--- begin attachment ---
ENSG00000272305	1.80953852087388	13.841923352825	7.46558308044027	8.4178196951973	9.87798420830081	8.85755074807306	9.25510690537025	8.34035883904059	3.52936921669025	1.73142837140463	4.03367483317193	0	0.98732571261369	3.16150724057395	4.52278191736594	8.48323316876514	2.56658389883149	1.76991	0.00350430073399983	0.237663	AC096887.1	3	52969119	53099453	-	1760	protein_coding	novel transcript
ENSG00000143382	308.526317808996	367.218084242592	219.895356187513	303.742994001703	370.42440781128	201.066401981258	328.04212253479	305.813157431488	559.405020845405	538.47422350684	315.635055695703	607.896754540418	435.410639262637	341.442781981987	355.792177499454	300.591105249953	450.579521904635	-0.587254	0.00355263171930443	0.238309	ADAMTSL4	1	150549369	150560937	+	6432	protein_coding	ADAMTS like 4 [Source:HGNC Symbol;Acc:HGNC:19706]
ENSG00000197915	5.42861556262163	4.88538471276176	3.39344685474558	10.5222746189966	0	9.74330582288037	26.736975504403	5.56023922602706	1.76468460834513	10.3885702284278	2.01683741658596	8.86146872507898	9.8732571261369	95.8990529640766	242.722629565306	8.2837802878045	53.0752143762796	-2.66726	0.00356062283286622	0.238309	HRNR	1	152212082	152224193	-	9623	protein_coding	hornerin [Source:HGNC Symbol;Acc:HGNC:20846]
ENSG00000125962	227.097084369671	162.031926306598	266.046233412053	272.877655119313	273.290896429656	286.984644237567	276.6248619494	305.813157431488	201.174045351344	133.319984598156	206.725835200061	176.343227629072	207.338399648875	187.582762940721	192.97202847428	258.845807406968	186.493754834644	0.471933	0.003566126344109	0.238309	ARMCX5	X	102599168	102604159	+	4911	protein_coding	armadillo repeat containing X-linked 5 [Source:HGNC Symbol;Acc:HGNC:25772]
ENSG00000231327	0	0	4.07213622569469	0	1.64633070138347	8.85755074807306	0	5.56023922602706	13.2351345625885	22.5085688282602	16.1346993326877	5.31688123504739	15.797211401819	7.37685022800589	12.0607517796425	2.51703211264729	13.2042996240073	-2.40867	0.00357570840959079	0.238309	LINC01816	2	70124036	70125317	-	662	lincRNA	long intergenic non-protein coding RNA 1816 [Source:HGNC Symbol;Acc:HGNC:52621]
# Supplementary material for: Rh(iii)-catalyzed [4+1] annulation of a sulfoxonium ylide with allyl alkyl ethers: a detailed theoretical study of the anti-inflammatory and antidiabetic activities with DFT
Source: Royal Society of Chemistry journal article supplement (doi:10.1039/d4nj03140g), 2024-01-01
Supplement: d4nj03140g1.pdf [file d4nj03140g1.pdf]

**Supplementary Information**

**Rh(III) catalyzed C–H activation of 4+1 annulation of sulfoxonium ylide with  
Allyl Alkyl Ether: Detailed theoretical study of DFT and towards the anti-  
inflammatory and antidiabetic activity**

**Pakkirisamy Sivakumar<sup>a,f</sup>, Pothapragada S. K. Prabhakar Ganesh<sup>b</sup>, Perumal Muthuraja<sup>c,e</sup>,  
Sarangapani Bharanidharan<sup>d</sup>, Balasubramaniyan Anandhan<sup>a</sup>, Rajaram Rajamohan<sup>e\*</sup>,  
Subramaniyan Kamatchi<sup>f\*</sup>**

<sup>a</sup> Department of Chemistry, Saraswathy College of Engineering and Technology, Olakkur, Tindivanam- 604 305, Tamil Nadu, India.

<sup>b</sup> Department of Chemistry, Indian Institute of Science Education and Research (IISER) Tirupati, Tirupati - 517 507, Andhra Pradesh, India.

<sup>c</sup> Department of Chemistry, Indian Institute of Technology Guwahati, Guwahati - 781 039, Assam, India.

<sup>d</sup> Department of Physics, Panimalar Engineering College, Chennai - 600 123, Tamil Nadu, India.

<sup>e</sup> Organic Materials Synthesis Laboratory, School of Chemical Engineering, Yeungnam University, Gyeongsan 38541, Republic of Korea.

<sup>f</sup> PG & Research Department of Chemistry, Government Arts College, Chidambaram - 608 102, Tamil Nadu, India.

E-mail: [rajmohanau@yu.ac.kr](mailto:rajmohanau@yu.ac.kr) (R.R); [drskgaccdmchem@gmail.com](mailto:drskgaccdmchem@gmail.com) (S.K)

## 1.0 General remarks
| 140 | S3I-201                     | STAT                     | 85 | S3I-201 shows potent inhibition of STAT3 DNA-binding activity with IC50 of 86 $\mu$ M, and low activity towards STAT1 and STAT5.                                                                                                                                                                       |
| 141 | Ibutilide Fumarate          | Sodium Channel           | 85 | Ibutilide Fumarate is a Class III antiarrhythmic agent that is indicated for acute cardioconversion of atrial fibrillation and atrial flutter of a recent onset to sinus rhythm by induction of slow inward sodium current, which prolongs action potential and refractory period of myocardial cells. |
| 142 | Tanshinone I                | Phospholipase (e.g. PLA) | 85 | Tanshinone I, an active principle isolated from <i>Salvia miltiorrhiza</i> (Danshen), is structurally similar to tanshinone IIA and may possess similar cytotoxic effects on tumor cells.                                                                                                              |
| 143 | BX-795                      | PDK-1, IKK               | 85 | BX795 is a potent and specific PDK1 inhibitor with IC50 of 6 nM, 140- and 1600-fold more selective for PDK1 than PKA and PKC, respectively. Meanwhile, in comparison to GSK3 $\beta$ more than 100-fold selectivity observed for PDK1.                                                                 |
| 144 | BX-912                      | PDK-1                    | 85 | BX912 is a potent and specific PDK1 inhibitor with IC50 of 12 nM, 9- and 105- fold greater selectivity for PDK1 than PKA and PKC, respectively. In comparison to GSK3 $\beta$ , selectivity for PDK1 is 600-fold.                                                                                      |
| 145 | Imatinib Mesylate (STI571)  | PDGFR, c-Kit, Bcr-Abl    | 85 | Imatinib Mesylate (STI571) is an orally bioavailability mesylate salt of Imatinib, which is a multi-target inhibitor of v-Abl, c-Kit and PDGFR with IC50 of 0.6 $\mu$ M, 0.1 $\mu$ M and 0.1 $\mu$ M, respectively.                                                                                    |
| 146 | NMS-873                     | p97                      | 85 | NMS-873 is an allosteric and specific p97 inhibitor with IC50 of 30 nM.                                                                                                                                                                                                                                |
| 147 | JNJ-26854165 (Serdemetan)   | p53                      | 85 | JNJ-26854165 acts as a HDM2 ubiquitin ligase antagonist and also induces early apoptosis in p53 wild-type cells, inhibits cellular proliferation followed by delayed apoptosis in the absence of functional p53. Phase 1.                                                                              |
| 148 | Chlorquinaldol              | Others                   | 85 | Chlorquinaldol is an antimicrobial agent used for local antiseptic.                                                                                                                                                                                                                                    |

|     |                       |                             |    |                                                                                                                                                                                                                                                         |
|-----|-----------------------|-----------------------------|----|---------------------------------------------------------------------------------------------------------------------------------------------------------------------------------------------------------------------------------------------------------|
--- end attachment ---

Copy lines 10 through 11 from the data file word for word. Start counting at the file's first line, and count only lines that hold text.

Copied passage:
**Rh(III) catalyzed C–H activation of 4+1 annulation of sulfoxonium ylide with  
Allyl Alkyl Ether: Detailed theoretical study of DFT and towards the anti-  